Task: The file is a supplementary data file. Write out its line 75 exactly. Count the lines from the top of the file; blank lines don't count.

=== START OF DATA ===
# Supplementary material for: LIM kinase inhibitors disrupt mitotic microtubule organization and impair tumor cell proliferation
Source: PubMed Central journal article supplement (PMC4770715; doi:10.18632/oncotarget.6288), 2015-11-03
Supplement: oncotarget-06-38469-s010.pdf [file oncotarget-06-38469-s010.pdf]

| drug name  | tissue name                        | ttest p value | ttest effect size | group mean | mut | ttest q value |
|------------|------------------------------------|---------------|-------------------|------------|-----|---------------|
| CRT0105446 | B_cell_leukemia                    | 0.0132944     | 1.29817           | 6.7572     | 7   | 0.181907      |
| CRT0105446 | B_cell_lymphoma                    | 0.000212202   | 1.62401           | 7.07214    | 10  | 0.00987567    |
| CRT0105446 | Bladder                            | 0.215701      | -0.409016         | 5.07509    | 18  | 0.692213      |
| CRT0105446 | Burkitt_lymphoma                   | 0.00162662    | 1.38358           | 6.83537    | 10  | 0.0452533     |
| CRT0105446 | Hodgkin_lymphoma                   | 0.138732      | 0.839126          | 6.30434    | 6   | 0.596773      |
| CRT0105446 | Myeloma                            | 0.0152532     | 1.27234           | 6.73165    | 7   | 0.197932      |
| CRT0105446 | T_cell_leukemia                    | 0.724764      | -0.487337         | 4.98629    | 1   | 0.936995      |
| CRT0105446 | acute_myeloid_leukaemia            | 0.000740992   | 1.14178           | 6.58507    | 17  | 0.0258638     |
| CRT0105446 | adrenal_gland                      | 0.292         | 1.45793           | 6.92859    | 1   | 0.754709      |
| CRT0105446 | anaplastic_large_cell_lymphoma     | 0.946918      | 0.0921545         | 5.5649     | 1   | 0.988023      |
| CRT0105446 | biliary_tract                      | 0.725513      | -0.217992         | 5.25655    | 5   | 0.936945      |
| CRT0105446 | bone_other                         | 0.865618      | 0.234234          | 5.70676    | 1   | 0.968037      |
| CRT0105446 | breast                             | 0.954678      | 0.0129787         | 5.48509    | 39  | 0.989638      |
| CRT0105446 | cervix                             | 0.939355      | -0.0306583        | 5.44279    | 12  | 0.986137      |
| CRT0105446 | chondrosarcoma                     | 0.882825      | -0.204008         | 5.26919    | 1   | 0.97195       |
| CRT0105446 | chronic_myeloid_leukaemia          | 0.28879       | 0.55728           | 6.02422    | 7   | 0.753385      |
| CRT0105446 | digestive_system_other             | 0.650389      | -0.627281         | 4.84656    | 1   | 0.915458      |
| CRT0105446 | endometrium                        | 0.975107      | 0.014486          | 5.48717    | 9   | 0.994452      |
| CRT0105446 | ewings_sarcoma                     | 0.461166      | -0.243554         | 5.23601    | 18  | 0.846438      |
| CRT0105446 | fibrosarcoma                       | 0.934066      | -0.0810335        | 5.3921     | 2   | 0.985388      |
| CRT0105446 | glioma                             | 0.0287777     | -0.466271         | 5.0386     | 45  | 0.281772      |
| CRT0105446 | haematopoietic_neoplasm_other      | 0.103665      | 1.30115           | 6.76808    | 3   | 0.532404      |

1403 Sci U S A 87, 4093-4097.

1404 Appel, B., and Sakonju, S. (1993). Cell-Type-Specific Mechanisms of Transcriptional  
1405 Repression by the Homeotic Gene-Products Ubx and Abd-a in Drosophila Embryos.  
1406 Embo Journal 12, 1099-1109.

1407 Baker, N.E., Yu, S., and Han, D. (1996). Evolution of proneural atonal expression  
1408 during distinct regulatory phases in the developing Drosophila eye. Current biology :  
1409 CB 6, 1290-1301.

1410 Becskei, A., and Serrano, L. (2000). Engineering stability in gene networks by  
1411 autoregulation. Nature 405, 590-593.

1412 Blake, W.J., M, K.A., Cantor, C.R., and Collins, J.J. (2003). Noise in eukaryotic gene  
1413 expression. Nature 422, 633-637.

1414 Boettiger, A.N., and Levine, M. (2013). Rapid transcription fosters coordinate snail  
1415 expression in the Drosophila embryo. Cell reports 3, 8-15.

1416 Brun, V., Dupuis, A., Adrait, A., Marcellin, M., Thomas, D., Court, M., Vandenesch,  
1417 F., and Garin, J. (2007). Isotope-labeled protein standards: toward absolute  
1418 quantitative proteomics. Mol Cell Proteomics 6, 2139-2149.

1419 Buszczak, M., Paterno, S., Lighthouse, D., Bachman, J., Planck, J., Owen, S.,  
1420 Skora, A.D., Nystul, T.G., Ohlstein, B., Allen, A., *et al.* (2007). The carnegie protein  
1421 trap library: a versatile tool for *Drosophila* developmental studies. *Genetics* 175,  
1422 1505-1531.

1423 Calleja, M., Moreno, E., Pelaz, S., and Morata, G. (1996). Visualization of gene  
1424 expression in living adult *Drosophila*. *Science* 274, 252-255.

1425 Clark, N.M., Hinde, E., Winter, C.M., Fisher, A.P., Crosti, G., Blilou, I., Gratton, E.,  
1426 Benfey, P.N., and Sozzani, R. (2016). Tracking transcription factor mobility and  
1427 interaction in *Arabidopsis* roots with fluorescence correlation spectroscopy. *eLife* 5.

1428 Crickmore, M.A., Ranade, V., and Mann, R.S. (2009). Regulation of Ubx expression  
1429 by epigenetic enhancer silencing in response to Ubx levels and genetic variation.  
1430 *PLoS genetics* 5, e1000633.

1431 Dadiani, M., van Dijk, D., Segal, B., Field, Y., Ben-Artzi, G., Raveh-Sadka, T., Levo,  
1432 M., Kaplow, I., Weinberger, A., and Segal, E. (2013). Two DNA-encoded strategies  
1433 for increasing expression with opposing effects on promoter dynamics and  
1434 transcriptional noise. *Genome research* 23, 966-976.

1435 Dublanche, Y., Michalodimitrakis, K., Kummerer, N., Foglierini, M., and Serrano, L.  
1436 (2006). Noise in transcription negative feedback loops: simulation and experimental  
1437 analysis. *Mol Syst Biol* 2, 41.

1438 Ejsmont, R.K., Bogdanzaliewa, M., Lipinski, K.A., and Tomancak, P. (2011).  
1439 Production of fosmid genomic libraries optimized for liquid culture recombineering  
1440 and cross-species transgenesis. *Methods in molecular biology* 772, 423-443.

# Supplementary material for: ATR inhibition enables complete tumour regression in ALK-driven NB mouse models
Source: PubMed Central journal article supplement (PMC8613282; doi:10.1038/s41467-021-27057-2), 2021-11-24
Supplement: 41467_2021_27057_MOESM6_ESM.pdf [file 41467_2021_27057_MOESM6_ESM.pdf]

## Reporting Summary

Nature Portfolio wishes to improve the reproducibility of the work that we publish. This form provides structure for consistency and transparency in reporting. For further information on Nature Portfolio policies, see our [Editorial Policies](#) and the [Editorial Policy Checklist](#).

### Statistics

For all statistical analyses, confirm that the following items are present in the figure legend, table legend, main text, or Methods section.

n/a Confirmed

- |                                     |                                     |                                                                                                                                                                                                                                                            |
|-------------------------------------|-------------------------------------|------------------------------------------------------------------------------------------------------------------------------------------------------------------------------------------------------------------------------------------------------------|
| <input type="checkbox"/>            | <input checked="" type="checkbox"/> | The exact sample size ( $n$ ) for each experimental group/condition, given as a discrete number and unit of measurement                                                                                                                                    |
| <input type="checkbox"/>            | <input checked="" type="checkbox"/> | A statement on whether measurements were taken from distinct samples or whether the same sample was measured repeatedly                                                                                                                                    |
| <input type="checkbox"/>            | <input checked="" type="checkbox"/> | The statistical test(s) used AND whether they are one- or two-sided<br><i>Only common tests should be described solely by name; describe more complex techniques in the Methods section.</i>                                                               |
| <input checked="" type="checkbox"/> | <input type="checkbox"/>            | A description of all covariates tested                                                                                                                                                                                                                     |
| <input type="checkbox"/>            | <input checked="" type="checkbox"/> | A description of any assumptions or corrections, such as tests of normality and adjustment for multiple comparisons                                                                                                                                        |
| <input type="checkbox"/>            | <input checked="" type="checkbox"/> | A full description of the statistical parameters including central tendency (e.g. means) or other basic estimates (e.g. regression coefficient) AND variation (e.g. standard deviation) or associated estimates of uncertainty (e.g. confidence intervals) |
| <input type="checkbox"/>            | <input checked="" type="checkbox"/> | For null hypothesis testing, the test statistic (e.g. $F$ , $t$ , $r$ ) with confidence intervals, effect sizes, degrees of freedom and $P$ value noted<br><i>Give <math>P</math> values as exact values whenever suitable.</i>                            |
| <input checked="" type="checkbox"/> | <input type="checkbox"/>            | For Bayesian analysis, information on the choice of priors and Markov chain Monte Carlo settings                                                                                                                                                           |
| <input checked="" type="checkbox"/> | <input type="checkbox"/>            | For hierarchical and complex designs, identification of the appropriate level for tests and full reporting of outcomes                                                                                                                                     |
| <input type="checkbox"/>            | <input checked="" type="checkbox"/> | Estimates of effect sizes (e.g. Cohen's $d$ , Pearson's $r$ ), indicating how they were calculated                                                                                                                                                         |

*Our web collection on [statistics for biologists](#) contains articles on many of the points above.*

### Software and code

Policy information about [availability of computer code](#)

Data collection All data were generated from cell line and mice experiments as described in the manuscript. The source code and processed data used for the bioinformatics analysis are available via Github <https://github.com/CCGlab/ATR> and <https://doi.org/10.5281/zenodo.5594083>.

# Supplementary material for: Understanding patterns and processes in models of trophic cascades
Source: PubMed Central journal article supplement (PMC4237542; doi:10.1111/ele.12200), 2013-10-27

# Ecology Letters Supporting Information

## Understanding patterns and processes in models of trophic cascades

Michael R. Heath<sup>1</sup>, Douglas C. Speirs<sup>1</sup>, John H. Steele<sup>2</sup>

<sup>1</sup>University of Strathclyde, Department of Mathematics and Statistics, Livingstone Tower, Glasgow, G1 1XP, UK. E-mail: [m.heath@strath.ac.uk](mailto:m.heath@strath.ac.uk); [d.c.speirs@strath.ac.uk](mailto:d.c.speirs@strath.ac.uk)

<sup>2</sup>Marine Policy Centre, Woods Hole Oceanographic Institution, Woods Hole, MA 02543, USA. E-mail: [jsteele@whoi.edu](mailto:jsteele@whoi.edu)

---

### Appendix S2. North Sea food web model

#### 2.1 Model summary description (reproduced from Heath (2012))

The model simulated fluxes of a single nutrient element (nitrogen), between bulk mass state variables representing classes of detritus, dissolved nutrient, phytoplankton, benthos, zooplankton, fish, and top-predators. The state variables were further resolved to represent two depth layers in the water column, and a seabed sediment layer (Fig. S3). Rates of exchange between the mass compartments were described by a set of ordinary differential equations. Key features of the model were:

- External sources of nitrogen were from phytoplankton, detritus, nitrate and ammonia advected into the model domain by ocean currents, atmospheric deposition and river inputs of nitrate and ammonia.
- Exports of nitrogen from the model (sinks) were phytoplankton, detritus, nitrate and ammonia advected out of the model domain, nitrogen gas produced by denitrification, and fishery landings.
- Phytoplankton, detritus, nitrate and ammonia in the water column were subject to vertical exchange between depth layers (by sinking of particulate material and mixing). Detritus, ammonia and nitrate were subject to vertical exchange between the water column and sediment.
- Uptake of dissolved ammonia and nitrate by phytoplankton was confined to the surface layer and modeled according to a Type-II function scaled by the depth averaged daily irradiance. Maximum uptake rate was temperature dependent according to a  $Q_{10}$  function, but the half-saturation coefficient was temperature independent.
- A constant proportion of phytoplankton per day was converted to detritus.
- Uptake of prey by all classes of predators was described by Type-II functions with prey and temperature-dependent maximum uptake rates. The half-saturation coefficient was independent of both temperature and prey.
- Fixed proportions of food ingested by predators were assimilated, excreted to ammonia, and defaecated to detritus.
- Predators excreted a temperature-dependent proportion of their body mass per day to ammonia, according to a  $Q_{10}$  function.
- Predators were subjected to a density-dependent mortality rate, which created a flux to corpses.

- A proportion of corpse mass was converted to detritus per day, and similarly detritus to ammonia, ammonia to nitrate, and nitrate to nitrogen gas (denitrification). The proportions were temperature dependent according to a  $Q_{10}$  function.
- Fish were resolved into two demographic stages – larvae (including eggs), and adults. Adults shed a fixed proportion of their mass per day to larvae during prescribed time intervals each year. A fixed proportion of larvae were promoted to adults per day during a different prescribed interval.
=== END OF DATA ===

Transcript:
|-------------------------------------|-------------------------------------|------------------------------------------------------------------------------------------------------------------------------------------------------------------------------------------------------------------------------------------------------------|